I went to the home of a client in trouble for hoarding, and thus endangering her child.  The abundance I saw held, somewhat obscured at first, both order as well as overwhelming love.  Books, toys, clothing, art supplies, and every paper with a hand drawn doodle piled up, a growing hedge against forgetting even a single kiss.  Every day is a keeper.

I keep the word ‘omphaloskepsis’ written on a piece of paper from a receipt in my main glasses case, housing the fourth iteration lenses for my deteriorating eyesight.  It appeared ten years ago in a Balderdash game and I married it, Las Vegas style, love at first sight.

In a world of mass manufactured things, I recommend Gerard Bertrand’s Cote des Roses wine, in a bottle topped with a glass stopper and standing on an irregularly whorled rose petal bottom.  However reiterative, perfume and flavor and color and design coalesce in perfect harmony.  I sit here with my pale coral wine in a warm air that gently condenses the glass, a momentary lebenskünstler watching the water chuff at the shoreline while the wind chime dances its pentatonic dance and the kayak collects pine needles.  These are vacation things.  And next week work things will welcome me back, the plants thirsty, my dear clients ready to story and re-story.

Guest Saddle:  What are your favorite things?  What things are metaphors for who you are?  What things connect you to others in your favorite circles?  What things are you willing to do without?  Without which things would you feel sad to live without?

 

 

 

 

 

 

Web Camel Transport 49

The Boundary Puzzle

Tuesday, June 27, 2017

 

We require a behavioral and verbal repertoire to define boundaries because we came from oceanic enmeshment. We humans start our lives as symbiotes and remain pack animals, who crave connection as badly as do our furry friends who, in the absence of their own species (read cats and dogs), will curl up to us for warmth, soothing touch, play and loving affection. Remember Ashley Montagu’s 1971 book, Touching? Our skins, our persons, fail to thrive without bodily connection.

The psychological and self-help literature on boundaries often treats personal and psychological boundaries as analogs for territorial ones, lines in the sand.  But boundaries have vastly more vagueness and movement, and are frequently negotiable.  They do not have exact placements because of the ways in which social, psychological, professional and even global contexts define, and redefine them.  The interpersonal and larger social contexts in which we speak of intrusion, inclusion, extrusion, or codependency and isolation, selects the meanings that calibrate, with great nuance, the boundary crossings that construct or deconstruct us.

Body boundaries:  A woman’s body has housed us. For the invited or intruding indweller, her startup body had all the equipment necessary to provide shelter and sustenance, but quickly scaled up to a highly sophisticated industrial complex, whirring and whizzing, exponentially massing up and sloughing, weaponizing us for combat and cooperation in many arenas of survival: development, individuation, choice making, emotional connection, and social embeddedness.  The walls of this body-house expanded, the supporting beams flexing at their joints, an ocean lapping at its shores, while outside in the neighborhood birds sang, traffic hummed, a relative yelled, televisions dulled their watchers or interrupted their dreams with reiterative sensory blitzes.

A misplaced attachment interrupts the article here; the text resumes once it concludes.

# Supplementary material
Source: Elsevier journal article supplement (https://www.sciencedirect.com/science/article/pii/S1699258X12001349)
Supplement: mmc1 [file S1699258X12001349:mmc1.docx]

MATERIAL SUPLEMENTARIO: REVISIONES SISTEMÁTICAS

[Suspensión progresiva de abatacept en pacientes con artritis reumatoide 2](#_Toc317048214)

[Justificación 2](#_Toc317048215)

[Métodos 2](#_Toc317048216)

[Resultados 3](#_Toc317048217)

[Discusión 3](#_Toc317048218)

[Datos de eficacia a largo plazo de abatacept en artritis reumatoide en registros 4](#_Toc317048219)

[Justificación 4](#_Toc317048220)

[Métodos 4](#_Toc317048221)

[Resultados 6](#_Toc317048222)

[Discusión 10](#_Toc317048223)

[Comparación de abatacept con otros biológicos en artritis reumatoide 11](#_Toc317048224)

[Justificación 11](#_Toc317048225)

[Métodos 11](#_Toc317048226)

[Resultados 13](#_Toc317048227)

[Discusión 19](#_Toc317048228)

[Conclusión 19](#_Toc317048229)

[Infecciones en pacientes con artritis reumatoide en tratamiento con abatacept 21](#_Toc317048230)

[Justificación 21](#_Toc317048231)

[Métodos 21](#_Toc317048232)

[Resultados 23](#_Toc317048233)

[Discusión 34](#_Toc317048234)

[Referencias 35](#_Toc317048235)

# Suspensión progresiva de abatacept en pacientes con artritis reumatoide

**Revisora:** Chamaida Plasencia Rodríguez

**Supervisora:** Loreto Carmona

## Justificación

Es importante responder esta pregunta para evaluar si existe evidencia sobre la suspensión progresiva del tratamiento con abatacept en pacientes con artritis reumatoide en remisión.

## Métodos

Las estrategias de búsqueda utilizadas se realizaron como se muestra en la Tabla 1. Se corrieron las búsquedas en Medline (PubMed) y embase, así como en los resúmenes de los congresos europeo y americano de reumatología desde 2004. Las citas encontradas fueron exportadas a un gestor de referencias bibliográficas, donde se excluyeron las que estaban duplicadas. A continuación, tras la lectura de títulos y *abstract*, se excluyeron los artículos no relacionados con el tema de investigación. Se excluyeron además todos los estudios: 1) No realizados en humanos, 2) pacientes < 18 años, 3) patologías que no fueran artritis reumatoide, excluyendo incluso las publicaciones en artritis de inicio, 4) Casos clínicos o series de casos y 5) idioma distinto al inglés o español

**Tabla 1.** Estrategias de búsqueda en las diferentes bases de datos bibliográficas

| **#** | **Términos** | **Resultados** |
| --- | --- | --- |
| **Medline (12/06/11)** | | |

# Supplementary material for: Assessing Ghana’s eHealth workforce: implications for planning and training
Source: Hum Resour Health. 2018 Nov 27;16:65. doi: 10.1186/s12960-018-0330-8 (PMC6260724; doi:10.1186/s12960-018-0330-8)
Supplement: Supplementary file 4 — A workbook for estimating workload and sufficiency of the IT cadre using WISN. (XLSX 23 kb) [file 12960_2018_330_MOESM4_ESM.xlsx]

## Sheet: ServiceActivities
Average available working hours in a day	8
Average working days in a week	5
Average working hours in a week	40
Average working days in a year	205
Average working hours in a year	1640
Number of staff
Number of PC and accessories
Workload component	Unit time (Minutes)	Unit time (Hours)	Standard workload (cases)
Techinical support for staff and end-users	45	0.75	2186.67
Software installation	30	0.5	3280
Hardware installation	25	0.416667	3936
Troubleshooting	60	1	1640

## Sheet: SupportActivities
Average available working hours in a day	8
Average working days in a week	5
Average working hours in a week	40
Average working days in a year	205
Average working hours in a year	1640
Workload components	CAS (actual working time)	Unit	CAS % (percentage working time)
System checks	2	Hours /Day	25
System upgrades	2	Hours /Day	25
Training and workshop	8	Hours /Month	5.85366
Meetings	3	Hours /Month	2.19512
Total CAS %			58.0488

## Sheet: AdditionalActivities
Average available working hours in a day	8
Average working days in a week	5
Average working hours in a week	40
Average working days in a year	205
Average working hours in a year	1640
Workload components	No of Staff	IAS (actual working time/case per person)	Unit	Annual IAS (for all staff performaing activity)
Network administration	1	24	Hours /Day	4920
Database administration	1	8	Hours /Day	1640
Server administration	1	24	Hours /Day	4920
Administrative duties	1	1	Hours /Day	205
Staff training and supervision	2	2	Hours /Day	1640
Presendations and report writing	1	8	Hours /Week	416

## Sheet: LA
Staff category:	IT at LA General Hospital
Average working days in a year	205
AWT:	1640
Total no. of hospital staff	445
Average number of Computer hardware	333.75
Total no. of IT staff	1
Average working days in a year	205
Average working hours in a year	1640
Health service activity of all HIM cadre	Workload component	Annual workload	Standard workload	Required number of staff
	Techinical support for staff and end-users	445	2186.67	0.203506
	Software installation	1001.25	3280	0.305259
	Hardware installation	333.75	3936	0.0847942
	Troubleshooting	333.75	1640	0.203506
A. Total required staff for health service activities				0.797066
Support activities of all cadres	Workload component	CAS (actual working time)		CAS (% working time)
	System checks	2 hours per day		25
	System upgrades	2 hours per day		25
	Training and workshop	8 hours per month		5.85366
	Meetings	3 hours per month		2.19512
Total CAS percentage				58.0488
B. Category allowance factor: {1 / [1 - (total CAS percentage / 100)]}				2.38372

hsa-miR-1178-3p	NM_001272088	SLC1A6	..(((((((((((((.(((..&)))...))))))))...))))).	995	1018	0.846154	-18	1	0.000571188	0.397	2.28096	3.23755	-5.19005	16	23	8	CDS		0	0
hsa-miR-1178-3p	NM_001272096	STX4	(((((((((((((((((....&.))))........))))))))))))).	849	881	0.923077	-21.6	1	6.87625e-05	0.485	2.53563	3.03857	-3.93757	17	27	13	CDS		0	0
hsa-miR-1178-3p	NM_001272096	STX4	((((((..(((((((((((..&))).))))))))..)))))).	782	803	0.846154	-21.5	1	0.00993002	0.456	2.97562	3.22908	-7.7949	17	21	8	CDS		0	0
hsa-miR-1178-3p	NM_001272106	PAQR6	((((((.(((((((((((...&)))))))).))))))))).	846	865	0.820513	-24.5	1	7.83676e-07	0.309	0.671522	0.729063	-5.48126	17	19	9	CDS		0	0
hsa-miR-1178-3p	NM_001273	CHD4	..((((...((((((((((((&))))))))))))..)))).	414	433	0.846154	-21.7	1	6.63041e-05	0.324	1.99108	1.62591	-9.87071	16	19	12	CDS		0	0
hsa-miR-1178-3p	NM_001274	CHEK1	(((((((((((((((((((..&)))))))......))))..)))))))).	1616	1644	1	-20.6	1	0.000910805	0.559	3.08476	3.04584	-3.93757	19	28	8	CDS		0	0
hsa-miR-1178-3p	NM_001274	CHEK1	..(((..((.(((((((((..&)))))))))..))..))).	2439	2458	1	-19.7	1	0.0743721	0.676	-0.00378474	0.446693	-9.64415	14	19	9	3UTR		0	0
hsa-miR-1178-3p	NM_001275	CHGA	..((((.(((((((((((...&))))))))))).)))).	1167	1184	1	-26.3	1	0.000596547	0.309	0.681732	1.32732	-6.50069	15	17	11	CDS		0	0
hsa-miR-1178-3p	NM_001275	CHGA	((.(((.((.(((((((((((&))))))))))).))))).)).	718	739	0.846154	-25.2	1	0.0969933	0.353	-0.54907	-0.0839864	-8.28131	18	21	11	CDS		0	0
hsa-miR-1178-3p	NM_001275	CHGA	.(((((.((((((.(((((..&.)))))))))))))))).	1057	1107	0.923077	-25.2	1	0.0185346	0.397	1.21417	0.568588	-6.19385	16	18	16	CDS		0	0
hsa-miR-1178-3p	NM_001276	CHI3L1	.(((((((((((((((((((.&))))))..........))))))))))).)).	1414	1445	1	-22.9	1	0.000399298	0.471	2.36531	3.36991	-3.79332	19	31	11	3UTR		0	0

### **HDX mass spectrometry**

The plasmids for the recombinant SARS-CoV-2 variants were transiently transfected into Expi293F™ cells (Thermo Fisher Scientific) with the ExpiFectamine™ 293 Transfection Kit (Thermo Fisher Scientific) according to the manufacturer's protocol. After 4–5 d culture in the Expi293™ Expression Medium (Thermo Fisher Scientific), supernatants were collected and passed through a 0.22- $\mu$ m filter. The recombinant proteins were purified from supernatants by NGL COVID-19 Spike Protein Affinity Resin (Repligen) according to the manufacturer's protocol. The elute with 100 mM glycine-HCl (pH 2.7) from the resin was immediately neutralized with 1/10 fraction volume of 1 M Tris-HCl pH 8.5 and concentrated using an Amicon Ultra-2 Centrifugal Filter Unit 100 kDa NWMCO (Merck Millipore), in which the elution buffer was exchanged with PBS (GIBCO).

And then the first goodbye: a cry, a slap of air opening our lungs, the blood-cord severed.  This first move–the expulsion from indweller to out-dweller–already a shift in worlds, would otherwise destroy us but for the porches, swings, branches and floors of our mother’s body, our second home.  No wonder those of us who grew up in the country loved tree houses so much, the model of our mother’s exterior home for us—the one we climbed, rode, sucked, and upon whose pillows and bones we slept our deepest sleep.

From blood to milk, from cord to mouth, attachment shifts.  Still, a baby’s cry sounds the mother’s alarm; the bald-headed baby’s sleep a maternal sedative, a baby‘s suckling, some relief for her mother.

Men and women, whatever our hue—peach, tan, almond, olive, or mahogany—all swam in a woman’s interior sea, surrounded by the continent of her body, and fed by her bread and wine.  Her blood traveled through our tiny tributaries, her music became the dance of our bones, her hopes and dreams and touch our eyes and skin. But our very essence, an explosion of DNA from two tribes, from two stranger camps, caused each of us, as crisis, to proliferate, cell by cell, synergizing our parents’ differences until they could function as one.  We have it in the very core of our nature to make a family of strangers.  In fact, the idea of purity—of race or ethnicity or family lineage—never works out well.  Inbreeding makes progeny fragile, prone to illness and oddity; even the single trait overbreeding of animals, such as dogs, can cause serious health problems.  Our sturdiness, our very survival, concerns the story of our making family out of strangers.  We are all mutts, and over time will become less distinguishable by feature and hue. Boundaries between strangers in language, ethnicity, and nationality will look more like zippers or ebbing and flowing tide lines than straight ones.